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The Webb telescope discovers evidence of hidden planets around a nearby star

The Webb telescope discovers evidence of hidden planets around a nearby star

(CNN) – Astronomers have used the James Webb Space Telescope to observe the first asteroid belt seen outside our solar system, revealing some cosmic surprises along the way.

The space observatory focused on the hot dust surrounding Fomalhaut, a bright young star located 25 light-years from Earth in the constellation of Piscis Austrinus.

The dusty disk surrounding Fomalhaut was first discovered in 1983 using NASA’s infrared astronomical satellite. But Webb’s researchers didn’t expect to see three overlapping dust rings extending 23 billion kilometers from the star, or 150 times the distance from Earth to the Sun.

Webb’s new view revealed for the first time Fomalhaut’s two inner belts, which were not visible in previous images taken by the Hubble Space Telescope or other observatories.

The detailed image of the dust belts, taken in infrared light invisible to the human eye, showed that the structures are more complex than the main asteroid belt and the Kuiper belt in our solar system.

The main asteroid belt, located between Mars and Jupiter, is where debris from the formation of our solar system orbits the sun. In the Kuiper Belt, located in the outer reaches of our solar system, there is even more icy debris: a ring donut—a picture of small celestial bodies and dust beyond Neptune.

The detection of Fomalhaut’s two inner rings indicates that planets lurking deep in the star system may influence the shape of the dust belt. The outer Fomalhaut belt alone is twice the size of the Kuiper belt. The new image and a detailed study of the findings were published in the journal Monday natural astronomy.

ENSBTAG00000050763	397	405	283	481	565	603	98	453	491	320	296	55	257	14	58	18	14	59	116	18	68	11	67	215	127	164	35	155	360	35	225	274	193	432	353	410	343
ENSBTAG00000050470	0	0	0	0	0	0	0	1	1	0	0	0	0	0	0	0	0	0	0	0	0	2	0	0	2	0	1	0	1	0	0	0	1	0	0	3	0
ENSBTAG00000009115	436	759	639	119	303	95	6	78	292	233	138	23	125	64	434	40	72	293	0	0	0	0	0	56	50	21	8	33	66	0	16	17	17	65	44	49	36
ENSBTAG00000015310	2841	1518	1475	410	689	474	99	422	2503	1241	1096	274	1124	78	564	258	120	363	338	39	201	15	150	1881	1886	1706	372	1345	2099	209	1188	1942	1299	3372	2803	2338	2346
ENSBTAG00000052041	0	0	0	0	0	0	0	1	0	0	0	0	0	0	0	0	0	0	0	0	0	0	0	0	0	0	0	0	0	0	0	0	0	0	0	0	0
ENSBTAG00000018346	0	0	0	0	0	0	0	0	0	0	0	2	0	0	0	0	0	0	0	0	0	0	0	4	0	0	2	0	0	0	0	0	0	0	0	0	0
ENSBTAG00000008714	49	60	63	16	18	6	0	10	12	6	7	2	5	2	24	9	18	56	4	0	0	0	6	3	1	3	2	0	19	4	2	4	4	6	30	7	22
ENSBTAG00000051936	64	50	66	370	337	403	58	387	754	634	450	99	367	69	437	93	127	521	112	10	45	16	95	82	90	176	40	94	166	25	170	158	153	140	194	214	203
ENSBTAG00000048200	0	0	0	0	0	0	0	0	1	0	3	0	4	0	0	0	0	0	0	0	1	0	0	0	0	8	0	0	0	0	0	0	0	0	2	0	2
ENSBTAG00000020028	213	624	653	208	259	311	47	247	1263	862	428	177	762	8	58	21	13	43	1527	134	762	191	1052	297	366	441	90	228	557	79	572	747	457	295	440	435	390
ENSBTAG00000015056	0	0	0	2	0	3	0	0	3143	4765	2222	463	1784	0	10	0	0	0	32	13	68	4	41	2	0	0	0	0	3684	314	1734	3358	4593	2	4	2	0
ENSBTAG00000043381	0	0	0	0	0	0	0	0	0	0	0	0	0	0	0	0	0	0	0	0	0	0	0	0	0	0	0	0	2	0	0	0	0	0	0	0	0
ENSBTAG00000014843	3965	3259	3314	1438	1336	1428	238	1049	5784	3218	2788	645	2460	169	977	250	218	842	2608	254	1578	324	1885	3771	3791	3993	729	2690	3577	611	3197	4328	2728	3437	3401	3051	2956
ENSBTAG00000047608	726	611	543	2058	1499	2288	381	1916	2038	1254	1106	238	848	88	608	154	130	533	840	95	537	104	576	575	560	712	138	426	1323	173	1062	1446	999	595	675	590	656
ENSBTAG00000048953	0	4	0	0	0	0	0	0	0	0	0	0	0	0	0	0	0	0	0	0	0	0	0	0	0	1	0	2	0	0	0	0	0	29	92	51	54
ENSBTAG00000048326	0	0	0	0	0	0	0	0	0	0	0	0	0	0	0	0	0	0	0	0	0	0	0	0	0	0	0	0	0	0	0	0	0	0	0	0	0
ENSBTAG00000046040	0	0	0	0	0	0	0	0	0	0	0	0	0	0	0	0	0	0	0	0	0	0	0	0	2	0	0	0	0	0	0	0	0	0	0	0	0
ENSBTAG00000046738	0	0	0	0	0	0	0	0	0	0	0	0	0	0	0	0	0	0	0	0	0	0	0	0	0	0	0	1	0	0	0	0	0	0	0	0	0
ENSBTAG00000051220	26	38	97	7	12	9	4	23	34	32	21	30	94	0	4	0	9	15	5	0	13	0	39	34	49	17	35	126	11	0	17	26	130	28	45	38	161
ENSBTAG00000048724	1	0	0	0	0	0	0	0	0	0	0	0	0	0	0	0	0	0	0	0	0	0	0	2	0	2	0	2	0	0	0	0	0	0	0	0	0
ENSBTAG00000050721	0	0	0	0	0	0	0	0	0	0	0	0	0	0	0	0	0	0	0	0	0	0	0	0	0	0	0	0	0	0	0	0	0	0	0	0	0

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Gravitational forces form the rings

Fomalhaut’s massive dust belts may have formed from debris left over from collisions of larger bodies, such as asteroids and comets.

Then, the gravitational influence of what researchers believe are invisible planets orbiting the star formed the dust belts, just as Jupiter and Neptune formed the asteroid belt and the inner edge of the asteroid belt.

“I would describe Fomalhaut as the typical debris disk found elsewhere in our galaxy, because it has similar components to what we have in our planetary system,” said study lead author András Gáspár, assistant professor of astronomy. Arizona in Tucson, in a statement.

“By looking at the patterns in these rings, we can begin to draw a small outline of what a planetary system might look like, if we can actually take a picture deep enough to see the putative planets.”

An annotated image of the Fomalhaut system reveals different compositions in the three dust belts around the star. (Source: NASA / ESA / CSA / A. Pagan / A. Gáspár)

The combination of Webb’s new observation with images taken previously by Hubble, the European Space Agency’s Herschel Space Observatory, and the Atacama Large Millimeter/Subarray Array may give scientists a more detailed look at how rocks and debris belts form around stars.

Webb also notes a feature that Gáspár calls the “great dust cloud”, where two orbs can collide in the outer ring. The cloud is separate from another cloud discovered by Hubble in 2008 that could be a planet, but subsequent observations showed that the object disappeared in 2014, indicating another collision that left nothing but dust in its wake.

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Stars are made of gas and dust, and then a ring of leftover material called a protoplanetary disk rotates around the star, where planets are born. The idea for the disk came from astronomers Immanuel Kant and Pierre Simon Laplace in the late 18th century. Once planets form around a star, debris belts formed by the planets’ gravity form. Within the belts, things like asteroids collide with each other and produce more debris and dust.

Studying dust belts can help reveal more secrets about the formation of planetary systems.

“The belts around Fomalhaut are kind of a mystery: Where are the planets?” George Rickey, study co-author, professor of astronomy and planetary sciences at the University of Arizona in Tucson, and lead of the team, said in a statement. A scientist from the mid-infrared web instrument used in the observations. “I think it’s not too big of a leap to say there might be a really interesting planetary system around the star.”